2018 Winter Olympics
Resourcefulness and perseverance in the pursuit of what you want is usually admirable. Usually. For me, the latest exception to that is skier Elizabeth Swaney, an athlete who participated in the 2018 Winter Olympics in PyeongChang, South Korea.
Swaney, a 33-year-old American who competed on Hungary’s Winter Olympics Team, put in what experts are calling a “mediocre” athletic performance in the women’s freestyle skiing halfpipe final. And the mediocrity isn’t because Swaney fell or had an equipment mishap. It appears to be all she had to offer in the Olympics — in an event feted for featuring top-flight athletes from around the world. It’s where the elite meet to compete, on a whole different level.
She finished last in the qualifying rounds in the women’s freestyle skiing halfpipe final held Feb. 19. It was clear to see why. While other skiers in this event were doing daring, wow-factor feats and tricks, Swaney mostly just skied up the pipe’s side. At one point, she did a small hop while turning around. And on her first ski run, she skied backwards out of the pipe. That’s about it. Oh, and she didn’t fall.
My problem isn’t how Swaney performed in the Olympics. We’ve all failed at something, or have not measured up to our peers, at least once in our lives. I count myself in that “we.” My problem is how she got to the Olympics … and I don’t mean her mode of transportation.
In a nutshell, Swaney found a loophole and worked it to her advantage. We normally cheer for things like that because loopholes tend to be used against the good guys and gals. I reserve my cheers for those who overcome challenges to get to a place where they deserve to be but are baselessly excluded.
The Washington Post article, titled “How a Skier Managed to Compete at the Olympics Despite Not Being Very Good,” offers a good explanation of what Swaney did to get to the one of the world’s biggest stages for premier athletes.
Here are the basics: Swaney — who was born and raised in America — wanted to make it to the 2018 Winter Olympics. The U.S. could only send four competitors, and Swaney would have had to outshine many top-notch skiers. To be clear, when Swaney started competing in halfpipe events in 2013 she was representing Venezuela. In 2016, she switched to Hungary, where Swaney said she has heritage through her maternal grandparents, according to the Washington Post article.
Swaney reportedly did the minimum required to qualify for this Winter Olympics. That minimum included finishing in the top 30 skiers in World Cup events and racking up enough International Ski Federation (also known as FIS) points. A veteran FIS judge was quoted by the Denver Post newspaper article as saying that Swaney would compete in World Cups in which there were fewer than 30 competitors. With that, plus basic skiing abilities and remaining upright while competing, making the top 30 was simple for Swaney.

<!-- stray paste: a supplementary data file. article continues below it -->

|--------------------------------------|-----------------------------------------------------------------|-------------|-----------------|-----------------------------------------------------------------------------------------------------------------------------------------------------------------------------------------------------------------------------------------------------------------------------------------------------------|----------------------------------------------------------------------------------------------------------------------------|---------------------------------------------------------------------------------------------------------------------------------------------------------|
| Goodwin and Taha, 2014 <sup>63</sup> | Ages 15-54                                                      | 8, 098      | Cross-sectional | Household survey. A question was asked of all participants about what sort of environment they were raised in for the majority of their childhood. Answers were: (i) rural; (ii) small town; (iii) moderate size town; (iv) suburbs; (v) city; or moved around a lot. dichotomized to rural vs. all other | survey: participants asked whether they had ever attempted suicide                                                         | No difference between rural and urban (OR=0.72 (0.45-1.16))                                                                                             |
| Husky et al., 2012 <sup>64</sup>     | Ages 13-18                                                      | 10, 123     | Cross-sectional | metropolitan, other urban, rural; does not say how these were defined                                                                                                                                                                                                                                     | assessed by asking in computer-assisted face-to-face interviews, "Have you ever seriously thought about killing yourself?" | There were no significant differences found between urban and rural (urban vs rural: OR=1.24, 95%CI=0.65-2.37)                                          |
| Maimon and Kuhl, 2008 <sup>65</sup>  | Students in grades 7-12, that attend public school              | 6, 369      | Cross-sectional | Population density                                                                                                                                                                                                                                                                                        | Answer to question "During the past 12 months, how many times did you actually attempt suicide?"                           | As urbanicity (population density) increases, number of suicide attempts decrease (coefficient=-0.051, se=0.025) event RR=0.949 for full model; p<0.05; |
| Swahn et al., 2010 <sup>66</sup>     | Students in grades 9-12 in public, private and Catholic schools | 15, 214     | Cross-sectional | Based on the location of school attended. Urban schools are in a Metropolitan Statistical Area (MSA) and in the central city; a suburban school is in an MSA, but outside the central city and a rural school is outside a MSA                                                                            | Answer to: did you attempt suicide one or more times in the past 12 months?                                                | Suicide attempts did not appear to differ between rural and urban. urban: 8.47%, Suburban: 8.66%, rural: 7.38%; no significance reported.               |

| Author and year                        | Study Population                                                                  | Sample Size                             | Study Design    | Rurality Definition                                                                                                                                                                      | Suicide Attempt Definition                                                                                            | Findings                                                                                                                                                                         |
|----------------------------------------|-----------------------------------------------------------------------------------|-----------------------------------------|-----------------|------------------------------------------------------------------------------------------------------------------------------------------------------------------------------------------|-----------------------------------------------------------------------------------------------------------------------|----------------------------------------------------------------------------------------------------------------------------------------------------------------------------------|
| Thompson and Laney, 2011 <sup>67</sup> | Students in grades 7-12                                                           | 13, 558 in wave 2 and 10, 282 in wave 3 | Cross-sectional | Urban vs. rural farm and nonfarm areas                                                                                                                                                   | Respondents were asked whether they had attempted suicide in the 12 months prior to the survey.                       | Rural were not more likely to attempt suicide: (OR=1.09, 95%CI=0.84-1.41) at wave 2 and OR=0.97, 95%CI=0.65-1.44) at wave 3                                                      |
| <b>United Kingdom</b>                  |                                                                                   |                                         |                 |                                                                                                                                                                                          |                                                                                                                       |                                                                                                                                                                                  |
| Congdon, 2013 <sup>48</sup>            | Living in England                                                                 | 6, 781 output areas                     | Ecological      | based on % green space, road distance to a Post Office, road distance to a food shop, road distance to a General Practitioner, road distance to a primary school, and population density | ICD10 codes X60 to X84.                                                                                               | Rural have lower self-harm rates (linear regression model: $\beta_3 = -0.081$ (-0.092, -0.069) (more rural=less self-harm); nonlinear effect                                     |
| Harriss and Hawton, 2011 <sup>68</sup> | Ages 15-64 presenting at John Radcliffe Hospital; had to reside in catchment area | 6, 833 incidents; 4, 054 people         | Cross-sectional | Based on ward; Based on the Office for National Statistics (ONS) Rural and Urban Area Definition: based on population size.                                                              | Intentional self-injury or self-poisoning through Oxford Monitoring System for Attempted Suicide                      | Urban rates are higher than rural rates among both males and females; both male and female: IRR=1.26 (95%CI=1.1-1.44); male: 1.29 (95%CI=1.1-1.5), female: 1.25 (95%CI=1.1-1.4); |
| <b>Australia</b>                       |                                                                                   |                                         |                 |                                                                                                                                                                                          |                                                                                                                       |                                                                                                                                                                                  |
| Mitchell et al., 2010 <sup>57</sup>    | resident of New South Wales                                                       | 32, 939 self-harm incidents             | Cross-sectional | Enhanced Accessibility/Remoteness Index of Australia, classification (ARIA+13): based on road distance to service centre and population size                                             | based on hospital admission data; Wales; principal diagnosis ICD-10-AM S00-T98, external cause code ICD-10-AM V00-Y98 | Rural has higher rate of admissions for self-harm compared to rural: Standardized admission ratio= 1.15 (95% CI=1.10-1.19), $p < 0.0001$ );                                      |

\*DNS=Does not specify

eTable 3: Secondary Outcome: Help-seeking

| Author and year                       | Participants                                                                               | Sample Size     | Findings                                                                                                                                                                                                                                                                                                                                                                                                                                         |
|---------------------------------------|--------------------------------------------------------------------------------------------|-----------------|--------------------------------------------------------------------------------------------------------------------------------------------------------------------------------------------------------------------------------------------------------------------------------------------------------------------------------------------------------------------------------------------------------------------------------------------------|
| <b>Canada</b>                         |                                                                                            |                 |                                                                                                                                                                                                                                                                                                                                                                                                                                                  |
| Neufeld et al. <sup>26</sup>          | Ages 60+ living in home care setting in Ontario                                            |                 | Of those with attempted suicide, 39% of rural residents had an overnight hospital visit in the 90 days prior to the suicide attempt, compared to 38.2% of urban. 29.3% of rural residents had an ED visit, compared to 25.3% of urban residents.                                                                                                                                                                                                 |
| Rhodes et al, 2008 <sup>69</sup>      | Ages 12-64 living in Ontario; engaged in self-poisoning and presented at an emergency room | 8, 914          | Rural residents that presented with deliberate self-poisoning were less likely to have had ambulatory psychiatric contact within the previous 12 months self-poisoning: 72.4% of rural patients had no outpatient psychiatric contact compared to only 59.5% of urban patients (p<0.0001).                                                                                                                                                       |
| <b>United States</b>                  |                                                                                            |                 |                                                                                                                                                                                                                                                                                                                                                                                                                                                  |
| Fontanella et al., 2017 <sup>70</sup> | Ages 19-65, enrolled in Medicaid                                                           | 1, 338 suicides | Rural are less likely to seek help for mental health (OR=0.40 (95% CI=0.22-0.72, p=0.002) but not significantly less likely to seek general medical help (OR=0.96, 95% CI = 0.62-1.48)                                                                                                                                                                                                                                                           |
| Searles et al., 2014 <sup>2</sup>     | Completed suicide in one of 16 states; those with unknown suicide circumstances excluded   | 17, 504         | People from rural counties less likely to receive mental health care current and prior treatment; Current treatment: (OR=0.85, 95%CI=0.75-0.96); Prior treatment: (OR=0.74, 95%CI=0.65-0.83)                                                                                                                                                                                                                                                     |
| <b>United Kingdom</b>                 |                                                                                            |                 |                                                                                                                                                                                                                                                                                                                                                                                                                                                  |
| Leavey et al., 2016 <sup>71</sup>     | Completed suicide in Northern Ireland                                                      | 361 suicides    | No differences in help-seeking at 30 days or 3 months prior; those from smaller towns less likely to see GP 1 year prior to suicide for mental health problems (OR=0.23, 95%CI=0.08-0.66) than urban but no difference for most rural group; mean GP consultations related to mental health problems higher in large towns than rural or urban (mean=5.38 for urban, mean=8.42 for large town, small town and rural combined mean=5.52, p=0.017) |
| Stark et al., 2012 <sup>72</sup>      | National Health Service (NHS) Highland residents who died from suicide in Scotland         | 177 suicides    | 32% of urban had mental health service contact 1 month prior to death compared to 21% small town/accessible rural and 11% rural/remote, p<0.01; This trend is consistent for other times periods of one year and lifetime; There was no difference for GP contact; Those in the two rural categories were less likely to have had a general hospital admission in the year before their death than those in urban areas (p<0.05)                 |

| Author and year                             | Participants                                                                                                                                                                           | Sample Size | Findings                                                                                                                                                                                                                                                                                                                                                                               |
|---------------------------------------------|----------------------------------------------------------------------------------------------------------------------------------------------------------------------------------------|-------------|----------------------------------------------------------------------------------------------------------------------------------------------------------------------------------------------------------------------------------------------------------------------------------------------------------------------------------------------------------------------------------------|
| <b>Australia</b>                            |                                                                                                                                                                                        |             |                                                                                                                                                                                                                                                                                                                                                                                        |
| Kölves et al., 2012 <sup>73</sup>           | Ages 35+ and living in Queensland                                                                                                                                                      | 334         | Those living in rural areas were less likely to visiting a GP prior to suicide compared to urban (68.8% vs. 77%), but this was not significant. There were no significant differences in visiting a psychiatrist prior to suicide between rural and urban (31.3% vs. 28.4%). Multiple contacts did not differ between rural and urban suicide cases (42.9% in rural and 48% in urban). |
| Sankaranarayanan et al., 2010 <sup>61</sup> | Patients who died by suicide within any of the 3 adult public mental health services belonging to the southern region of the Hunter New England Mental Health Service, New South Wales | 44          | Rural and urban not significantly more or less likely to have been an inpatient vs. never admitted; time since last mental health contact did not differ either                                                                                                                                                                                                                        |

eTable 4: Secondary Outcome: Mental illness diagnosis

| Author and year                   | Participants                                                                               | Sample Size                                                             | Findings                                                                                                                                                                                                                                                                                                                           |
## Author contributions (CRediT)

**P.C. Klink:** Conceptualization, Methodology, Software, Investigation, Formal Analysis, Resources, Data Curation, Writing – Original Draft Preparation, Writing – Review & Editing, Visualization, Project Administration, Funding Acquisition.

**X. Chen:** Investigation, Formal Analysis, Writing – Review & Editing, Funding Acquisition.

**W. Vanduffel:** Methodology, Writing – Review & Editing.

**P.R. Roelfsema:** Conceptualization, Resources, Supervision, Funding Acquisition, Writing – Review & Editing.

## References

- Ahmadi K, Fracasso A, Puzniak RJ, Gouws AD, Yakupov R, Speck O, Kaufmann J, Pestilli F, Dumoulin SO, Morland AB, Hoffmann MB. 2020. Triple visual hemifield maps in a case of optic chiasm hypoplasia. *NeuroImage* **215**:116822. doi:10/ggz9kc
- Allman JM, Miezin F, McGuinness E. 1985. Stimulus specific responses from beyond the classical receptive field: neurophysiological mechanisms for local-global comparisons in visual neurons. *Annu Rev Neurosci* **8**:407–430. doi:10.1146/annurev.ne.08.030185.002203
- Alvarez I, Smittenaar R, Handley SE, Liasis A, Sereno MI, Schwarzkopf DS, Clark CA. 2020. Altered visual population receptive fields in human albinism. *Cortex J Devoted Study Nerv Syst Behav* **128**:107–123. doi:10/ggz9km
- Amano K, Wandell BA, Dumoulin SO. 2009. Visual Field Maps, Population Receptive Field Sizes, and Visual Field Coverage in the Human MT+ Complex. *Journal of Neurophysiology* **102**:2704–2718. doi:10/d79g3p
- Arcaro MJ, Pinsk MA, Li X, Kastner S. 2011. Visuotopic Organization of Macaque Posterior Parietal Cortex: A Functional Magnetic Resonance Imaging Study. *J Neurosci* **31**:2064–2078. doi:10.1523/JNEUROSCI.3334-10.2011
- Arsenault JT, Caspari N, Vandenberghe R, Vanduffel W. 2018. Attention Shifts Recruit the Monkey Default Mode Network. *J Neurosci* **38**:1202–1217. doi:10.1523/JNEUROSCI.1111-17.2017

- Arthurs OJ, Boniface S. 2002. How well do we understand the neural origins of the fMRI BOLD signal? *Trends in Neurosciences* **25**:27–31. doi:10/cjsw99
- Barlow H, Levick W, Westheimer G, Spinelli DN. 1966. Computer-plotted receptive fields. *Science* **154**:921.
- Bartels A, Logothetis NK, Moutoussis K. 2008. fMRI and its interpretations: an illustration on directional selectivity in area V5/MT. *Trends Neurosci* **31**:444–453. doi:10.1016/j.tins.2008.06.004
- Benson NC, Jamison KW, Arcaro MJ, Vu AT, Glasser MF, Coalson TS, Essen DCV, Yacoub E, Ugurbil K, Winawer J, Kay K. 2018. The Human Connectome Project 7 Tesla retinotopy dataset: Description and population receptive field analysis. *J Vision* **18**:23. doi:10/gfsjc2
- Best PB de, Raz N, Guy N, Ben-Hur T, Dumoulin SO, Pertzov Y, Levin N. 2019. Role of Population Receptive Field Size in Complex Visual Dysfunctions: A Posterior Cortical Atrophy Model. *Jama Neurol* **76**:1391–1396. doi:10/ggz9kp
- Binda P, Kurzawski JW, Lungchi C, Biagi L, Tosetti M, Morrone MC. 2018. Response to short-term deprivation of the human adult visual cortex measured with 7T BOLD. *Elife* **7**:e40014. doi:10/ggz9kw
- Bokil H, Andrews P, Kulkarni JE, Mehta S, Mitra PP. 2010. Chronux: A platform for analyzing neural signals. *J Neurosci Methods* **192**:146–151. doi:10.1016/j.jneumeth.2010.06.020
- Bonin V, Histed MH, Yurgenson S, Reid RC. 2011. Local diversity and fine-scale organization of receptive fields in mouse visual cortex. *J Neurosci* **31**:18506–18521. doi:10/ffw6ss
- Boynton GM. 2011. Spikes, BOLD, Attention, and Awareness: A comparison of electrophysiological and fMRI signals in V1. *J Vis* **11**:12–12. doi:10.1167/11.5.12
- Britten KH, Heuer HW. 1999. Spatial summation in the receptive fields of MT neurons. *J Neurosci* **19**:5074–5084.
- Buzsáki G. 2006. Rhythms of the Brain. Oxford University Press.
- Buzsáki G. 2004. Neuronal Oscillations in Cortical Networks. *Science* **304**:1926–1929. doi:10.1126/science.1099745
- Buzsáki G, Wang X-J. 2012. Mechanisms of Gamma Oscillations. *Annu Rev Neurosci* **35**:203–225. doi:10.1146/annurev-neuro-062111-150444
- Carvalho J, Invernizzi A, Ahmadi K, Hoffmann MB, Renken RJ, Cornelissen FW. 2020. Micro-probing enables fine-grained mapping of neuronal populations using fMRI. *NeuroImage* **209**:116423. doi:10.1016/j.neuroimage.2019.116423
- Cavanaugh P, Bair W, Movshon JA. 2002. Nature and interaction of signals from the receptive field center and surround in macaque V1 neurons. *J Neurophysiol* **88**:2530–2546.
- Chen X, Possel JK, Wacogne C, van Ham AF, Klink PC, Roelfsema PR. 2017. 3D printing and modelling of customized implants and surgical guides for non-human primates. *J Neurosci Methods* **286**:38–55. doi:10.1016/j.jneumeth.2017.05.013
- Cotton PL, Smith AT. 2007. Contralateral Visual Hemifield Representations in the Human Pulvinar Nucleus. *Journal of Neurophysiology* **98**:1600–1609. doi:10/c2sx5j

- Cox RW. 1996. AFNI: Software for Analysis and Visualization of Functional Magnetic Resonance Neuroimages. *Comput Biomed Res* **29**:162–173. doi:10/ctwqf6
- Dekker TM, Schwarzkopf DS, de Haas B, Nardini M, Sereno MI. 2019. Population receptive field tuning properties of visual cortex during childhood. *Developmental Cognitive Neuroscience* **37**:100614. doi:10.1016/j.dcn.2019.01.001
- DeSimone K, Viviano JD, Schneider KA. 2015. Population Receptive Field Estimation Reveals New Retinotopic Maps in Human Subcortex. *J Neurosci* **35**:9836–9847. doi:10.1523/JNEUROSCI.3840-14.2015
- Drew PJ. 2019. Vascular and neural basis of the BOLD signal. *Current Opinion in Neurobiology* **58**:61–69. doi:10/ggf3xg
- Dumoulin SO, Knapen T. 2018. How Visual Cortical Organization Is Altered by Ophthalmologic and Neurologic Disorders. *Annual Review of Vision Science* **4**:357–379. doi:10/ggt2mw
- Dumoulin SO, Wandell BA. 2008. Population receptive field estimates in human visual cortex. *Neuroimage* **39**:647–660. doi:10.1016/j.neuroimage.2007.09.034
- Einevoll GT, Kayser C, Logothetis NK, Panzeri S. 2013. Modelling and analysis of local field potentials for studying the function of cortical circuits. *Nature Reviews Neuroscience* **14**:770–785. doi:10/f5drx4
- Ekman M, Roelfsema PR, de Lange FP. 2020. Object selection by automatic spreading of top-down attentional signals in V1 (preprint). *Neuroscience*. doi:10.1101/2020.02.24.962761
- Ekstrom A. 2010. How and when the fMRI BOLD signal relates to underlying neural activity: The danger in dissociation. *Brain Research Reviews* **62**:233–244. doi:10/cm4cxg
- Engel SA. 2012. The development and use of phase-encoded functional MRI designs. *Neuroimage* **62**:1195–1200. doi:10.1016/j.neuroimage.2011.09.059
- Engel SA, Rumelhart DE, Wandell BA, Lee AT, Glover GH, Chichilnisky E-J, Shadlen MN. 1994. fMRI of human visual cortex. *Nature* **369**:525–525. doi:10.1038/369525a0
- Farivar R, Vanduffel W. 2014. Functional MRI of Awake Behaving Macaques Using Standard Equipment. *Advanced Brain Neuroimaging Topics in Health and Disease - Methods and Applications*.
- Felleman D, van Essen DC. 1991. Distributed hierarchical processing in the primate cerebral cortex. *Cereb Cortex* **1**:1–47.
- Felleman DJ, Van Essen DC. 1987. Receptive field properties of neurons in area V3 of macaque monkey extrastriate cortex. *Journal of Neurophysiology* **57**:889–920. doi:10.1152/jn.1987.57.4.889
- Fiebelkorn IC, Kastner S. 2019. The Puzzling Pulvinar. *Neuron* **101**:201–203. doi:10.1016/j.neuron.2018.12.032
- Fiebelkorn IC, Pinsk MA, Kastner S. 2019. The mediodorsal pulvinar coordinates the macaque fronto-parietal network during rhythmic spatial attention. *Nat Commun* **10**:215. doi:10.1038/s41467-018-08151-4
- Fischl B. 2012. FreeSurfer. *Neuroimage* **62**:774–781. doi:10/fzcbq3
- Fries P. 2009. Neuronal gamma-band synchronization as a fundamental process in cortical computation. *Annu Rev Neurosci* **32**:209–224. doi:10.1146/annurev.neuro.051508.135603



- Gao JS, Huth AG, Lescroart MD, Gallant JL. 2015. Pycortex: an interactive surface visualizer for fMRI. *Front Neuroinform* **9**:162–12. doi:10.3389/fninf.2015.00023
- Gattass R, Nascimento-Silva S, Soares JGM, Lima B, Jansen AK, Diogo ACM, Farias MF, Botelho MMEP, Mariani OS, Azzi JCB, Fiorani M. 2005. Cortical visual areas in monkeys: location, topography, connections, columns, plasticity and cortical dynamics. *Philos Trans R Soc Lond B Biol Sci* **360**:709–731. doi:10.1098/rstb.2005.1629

The Denver Post also reported: “At last December’s World Cup in China, when most of the world’s top skiers were competing in the Grand Prix at Copper Mountain and Dew Tour at Breckenridge, Swaney finished 13 out of 15 competitors, her best career finish.”
After her basic and lackluster performance in PyeongChang at the 2018 Winter Olympics, Swaney was quoted in that same Denver Post article as saying: “I want to inspire others in Hungary and the world to become involved in freestyle skiing. Maybe perhaps I’m the bridge to those who want to get started in the life of freestyle skiing and I want to show people that, yeah, it’s possible to get involved in freestyle skiing through a variety of backgrounds.”
That sounds good. But, by working the system to your advantage and doing the minimum to get to a place where you don’t belong, what else are you inspiring?
I admire her determination. And okay, so who hasn’t wanted to get, or actually attempted to get, into an exclusive party, club or something like that — even though you knew you didn’t belong there? But to gain access to a party or club, you probably don’t have to qualify by having a high-level of athletic talent coupled with hard work, and wins over formidable competitors. For the Olympics you do. Or maybe I’m naive to think so.
Yes, Swaney qualified to be on Hungary’s Olympic team. But in terms of her talent, can Swaney — an adult with a graduate degree from Harvard, as reported by the Denver Post — honestly say she deserved to be in the Olympics, a premier event known for showcasing the world’s best-of-the-best in sports? Does Swaney have any self-awareness regarding her skiing talent or does she have delusions of how good she really is?
I’m thinking she just wanted to be in the Olympics. Plain and simple. She made it there without causing any bodily harm to anyone, or stealing a spot that could’ve gone to someone with Olympic-caliber ski skills. She found a way to qualify.
So … what’s the harm, you ask?
It’s another small but visible dilution of the Olympics’ longstanding reputation as being the event where the very best, qualified athletes compete in good faith, good spirit, and goodwill. If I’m right about the effect Swaney has had, then it’s worth admitting that, sadly, she’s not the first to dilute the good faith, good spirit, and goodwill that the Olympics embody. And, she won’t be the last.